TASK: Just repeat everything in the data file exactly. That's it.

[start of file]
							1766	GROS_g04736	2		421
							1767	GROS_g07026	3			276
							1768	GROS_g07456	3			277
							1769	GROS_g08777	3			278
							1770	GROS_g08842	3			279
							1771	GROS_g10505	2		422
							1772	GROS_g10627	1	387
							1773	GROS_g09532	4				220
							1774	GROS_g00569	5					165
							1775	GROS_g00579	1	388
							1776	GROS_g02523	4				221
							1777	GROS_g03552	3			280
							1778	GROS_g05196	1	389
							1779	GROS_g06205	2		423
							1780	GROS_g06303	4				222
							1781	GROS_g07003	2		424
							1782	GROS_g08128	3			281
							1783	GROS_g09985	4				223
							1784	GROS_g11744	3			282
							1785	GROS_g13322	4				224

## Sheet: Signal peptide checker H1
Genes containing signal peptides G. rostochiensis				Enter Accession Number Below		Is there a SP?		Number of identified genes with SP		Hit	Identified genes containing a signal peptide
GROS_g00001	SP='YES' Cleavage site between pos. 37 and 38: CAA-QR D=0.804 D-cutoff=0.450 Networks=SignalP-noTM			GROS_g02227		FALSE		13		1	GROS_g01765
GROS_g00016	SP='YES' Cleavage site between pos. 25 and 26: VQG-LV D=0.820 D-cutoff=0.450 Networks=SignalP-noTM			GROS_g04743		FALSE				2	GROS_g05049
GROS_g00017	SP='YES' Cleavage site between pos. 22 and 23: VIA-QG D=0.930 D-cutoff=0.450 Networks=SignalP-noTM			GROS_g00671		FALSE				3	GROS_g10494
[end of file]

							1766	GROS_g04736	2		421
							1767	GROS_g07026	3			276
							1768	GROS_g07456	3			277
							1769	GROS_g08777	3			278
							1770	GROS_g08842	3			279
							1771	GROS_g10505	2		422
							1772	GROS_g10627	1	387
							1773	GROS_g09532	4				220
							1774	GROS_g00569	5					165
							1775	GROS_g00579	1	388
							1776	GROS_g02523	4				221
							1777	GROS_g03552	3			280
							1778	GROS_g05196	1	389
							1779	GROS_g06205	2		423
							1780	GROS_g06303	4				222
							1781	GROS_g07003	2		424
							1782	GROS_g08128	3			281
							1783	GROS_g09985	4				223
							1784	GROS_g11744	3			282
							1785	GROS_g13322	4				224

## Sheet: Signal peptide checker H1
Genes containing signal peptides G. rostochiensis				Enter Accession Number Below		Is there a SP?		Number of identified genes with SP		Hit	Identified genes containing a signal peptide
GROS_g00001	SP='YES' Cleavage site between pos. 37 and 38: CAA-QR D=0.804 D-cutoff=0.450 Networks=SignalP-noTM			GROS_g02227		FALSE		13		1	GROS_g01765
GROS_g00016	SP='YES' Cleavage site between pos. 25 and 26: VQG-LV D=0.820 D-cutoff=0.450 Networks=SignalP-noTM			GROS_g04743		FALSE				2	GROS_g05049
GROS_g00017	SP='YES' Cleavage site between pos. 22 and 23: VIA-QG D=0.930 D-cutoff=0.450 Networks=SignalP-noTM			GROS_g00671		FALSE				3	GROS_g10494